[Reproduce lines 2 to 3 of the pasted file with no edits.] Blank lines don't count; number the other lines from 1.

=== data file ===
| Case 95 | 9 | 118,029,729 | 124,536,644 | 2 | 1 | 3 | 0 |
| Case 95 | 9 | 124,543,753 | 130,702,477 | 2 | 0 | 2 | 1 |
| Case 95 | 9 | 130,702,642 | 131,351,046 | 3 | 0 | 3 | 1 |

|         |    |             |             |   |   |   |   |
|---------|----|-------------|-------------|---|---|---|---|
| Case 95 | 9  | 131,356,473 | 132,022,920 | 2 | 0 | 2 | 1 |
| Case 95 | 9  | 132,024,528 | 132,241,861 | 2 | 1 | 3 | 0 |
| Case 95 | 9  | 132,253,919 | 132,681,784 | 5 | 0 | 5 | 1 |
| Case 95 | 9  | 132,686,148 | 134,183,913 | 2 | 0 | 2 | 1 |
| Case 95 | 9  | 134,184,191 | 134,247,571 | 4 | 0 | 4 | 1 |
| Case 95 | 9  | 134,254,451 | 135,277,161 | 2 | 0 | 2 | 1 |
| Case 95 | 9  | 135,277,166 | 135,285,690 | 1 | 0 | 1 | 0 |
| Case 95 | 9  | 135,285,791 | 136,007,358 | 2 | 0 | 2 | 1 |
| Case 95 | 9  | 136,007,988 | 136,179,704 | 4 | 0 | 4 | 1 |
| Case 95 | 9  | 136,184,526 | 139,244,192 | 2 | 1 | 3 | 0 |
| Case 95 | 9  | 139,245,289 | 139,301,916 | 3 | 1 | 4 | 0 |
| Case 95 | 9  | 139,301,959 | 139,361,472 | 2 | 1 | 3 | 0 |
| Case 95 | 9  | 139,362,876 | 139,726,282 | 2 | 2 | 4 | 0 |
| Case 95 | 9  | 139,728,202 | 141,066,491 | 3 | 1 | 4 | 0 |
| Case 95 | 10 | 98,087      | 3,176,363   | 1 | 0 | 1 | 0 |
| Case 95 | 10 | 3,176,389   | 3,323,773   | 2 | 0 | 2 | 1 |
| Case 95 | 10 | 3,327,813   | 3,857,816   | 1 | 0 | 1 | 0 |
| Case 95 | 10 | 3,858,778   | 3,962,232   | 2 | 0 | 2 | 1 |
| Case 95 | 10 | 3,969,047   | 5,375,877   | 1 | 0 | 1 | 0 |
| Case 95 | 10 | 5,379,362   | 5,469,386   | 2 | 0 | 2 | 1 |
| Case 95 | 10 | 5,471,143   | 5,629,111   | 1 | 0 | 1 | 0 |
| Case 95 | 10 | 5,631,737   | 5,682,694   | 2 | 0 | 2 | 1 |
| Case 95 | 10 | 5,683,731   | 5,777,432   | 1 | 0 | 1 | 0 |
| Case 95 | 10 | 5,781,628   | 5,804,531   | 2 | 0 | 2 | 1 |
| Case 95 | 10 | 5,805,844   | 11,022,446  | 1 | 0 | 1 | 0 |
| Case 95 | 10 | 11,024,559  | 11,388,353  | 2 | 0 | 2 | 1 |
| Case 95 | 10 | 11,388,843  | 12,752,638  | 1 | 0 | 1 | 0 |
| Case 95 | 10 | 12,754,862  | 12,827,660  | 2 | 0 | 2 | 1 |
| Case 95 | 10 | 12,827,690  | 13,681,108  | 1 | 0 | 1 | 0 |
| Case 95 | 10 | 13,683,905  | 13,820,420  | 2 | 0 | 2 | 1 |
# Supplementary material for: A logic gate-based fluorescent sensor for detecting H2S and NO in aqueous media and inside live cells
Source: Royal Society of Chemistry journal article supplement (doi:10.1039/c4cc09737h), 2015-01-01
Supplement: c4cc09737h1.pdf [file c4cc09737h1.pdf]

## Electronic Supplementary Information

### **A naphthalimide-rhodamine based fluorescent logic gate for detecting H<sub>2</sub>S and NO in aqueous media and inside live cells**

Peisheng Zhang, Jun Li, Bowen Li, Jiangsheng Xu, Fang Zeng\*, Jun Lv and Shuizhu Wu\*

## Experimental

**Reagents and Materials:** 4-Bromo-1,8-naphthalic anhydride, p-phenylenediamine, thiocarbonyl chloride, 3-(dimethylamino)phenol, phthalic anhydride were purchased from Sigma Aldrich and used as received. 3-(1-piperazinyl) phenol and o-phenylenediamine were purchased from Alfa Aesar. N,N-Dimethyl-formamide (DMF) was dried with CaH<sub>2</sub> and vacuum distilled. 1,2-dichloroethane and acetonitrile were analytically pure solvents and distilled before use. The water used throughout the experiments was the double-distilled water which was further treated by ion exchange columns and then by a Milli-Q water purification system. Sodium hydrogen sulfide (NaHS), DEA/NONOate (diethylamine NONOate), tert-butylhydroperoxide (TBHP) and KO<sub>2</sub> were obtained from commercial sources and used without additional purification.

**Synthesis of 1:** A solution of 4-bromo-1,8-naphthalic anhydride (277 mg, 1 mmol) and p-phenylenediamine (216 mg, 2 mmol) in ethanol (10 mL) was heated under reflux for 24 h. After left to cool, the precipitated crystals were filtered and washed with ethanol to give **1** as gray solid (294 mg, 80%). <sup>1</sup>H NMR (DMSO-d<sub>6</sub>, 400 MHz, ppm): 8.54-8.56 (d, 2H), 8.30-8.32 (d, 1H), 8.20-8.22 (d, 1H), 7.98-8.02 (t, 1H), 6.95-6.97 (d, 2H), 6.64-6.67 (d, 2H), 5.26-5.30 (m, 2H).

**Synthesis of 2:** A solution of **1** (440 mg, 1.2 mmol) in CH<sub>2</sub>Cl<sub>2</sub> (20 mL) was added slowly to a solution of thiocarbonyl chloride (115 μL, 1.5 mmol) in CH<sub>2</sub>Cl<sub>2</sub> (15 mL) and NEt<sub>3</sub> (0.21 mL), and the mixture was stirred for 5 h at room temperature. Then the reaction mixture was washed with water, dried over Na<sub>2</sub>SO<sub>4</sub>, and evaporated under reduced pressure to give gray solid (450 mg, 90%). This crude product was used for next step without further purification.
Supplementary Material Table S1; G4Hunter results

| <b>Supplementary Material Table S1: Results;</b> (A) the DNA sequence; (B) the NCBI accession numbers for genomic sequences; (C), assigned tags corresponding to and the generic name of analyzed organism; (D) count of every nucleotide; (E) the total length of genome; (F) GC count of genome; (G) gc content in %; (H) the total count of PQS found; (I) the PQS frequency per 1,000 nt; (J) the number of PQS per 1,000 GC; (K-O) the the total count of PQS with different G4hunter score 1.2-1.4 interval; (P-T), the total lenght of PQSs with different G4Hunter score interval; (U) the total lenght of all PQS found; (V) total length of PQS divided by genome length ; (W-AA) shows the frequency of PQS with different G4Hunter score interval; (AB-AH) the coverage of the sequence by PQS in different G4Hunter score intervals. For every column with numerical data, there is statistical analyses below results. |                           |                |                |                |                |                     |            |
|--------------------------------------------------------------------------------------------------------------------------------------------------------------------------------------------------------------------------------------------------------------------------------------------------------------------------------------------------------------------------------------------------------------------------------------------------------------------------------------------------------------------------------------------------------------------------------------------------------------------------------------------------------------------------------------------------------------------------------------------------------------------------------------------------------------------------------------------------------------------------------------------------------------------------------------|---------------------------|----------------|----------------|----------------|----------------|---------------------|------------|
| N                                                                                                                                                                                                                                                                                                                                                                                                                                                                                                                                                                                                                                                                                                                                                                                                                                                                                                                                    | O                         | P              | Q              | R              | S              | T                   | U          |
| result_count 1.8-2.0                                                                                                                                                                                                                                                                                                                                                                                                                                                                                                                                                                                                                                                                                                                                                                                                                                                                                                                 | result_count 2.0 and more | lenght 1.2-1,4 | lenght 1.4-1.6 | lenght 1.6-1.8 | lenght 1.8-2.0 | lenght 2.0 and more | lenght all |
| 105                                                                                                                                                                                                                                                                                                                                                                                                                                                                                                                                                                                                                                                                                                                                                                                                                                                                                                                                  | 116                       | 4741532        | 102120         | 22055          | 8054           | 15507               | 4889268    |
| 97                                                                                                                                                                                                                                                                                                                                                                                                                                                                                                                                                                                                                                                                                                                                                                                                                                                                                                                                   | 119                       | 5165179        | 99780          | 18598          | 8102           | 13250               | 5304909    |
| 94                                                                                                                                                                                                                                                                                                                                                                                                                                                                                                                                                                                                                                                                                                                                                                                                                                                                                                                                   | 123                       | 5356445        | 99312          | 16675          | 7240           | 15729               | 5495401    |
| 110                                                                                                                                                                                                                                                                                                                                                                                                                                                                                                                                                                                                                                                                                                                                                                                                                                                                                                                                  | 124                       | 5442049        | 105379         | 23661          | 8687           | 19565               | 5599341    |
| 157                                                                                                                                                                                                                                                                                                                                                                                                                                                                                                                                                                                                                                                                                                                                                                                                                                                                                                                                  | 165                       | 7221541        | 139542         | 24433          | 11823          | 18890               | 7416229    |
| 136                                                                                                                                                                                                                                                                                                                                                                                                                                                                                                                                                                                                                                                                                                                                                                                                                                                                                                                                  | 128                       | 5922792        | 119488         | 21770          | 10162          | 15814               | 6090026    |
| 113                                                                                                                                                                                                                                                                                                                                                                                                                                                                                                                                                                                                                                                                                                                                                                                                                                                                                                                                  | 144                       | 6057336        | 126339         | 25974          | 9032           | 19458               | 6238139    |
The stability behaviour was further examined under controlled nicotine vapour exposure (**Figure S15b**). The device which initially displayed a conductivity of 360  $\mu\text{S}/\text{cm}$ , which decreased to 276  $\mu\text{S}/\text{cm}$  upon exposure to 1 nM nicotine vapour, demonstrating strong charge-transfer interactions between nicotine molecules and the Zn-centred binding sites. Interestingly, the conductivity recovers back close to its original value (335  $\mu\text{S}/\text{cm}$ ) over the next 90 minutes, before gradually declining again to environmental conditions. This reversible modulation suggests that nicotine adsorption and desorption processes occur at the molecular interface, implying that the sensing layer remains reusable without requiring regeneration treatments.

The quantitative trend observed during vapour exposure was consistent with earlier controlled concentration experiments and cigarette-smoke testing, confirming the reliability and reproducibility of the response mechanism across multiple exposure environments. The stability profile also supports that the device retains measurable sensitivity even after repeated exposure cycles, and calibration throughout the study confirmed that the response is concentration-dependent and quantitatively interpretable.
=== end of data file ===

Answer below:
| Case 95 | 9 | 124,543,753 | 130,702,477 | 2 | 0 | 2 | 1 |
| Case 95 | 9 | 130,702,642 | 131,351,046 | 3 | 0 | 3 | 1 |